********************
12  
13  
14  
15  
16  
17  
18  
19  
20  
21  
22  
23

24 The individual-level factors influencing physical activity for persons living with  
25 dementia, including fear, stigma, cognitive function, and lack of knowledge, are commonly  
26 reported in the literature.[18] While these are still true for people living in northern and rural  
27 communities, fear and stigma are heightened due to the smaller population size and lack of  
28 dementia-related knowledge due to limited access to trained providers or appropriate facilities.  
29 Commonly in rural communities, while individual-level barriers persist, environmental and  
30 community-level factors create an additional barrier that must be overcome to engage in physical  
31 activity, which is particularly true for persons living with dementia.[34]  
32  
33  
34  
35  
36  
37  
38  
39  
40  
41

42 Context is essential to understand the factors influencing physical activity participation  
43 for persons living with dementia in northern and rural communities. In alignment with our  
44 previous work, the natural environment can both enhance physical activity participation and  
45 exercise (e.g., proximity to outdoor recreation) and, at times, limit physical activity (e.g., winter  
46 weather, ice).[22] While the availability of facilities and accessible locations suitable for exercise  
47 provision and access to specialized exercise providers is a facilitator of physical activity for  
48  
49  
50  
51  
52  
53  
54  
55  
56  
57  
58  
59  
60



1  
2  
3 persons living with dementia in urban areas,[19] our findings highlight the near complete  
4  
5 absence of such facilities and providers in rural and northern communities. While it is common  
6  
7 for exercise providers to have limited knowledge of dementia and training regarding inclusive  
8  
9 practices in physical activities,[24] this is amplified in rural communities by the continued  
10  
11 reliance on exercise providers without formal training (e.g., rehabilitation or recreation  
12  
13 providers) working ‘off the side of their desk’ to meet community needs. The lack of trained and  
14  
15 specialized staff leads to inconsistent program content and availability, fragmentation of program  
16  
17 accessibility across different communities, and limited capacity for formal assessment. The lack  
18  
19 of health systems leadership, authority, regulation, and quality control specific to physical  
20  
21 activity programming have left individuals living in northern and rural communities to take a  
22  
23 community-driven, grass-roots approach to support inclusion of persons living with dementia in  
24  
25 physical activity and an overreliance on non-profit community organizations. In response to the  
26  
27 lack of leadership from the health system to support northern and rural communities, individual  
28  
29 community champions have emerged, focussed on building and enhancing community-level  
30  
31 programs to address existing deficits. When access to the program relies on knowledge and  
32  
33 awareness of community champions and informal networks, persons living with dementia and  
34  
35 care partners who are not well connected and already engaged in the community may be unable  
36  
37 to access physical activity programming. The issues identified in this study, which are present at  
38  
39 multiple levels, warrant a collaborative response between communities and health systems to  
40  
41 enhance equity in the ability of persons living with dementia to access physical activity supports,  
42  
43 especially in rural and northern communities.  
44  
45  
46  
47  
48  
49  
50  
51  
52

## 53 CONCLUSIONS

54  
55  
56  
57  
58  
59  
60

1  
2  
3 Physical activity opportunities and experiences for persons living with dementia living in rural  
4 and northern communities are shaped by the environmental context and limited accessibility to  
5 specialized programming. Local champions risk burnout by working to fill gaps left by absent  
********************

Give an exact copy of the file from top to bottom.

12  
13  
14  
15  
16  
17  
18  
19  
20  
21  
22  
23

24 The individual-level factors influencing physical activity for persons living with  
25 dementia, including fear, stigma, cognitive function, and lack of knowledge, are commonly  
26 reported in the literature.[18] While these are still true for people living in northern and rural  
27 communities, fear and stigma are heightened due to the smaller population size and lack of  
28 dementia-related knowledge due to limited access to trained providers or appropriate facilities.  
29 Commonly in rural communities, while individual-level barriers persist, environmental and  
30 community-level factors create an additional barrier that must be overcome to engage in physical  
31 activity, which is particularly true for persons living with dementia.[34]  
32  
33  
34  
35  
36  
37  
38  
39  
40  
41

42 Context is essential to understand the factors influencing physical activity participation  
43 for persons living with dementia in northern and rural communities. In alignment with our  
44 previous work, the natural environment can both enhance physical activity participation and  
45 exercise (e.g., proximity to outdoor recreation) and, at times, limit physical activity (e.g., winter  
46 weather, ice).[22] While the availability of facilities and accessible locations suitable for exercise  
47 provision and access to specialized exercise providers is a facilitator of physical activity for  
48  
49  
50  
51  
52  
53  
54  
55  
56  
57  
58  
59  
60



1  
2  
3 persons living with dementia in urban areas,[19] our findings highlight the near complete  
4  
5 absence of such facilities and providers in rural and northern communities. While it is common  
6  
7 for exercise providers to have limited knowledge of dementia and training regarding inclusive  
8  
9 practices in physical activities,[24] this is amplified in rural communities by the continued  
10  
11 reliance on exercise providers without formal training (e.g., rehabilitation or recreation  
12  
13 providers) working ‘off the side of their desk’ to meet community needs. The lack of trained and  
14  
15 specialized staff leads to inconsistent program content and availability, fragmentation of program  
16  
17 accessibility across different communities, and limited capacity for formal assessment. The lack  
18  
19 of health systems leadership, authority, regulation, and quality control specific to physical  
20  
21 activity programming have left individuals living in northern and rural communities to take a  
22  
23 community-driven, grass-roots approach to support inclusion of persons living with dementia in  
24  
25 physical activity and an overreliance on non-profit community organizations. In response to the  
26  
27 lack of leadership from the health system to support northern and rural communities, individual  
28  
29 community champions have emerged, focussed on building and enhancing community-level  
30  
31 programs to address existing deficits. When access to the program relies on knowledge and  
32  
33 awareness of community champions and informal networks, persons living with dementia and  
34  
35 care partners who are not well connected and already engaged in the community may be unable  
36  
37 to access physical activity programming. The issues identified in this study, which are present at  
38  
39 multiple levels, warrant a collaborative response between communities and health systems to  
40  
41 enhance equity in the ability of persons living with dementia to access physical activity supports,  
42  
43 especially in rural and northern communities.  
44  
45  
46  
47  
48  
49  
50  
51  
52

## 53 CONCLUSIONS

54  
55  
56  
57  
58  
59  
60

1  
2  
3 Physical activity opportunities and experiences for persons living with dementia living in rural  
4 and northern communities are shaped by the environmental context and limited accessibility to  
5 specialized programming. Local champions risk burnout by working to fill gaps left by absent  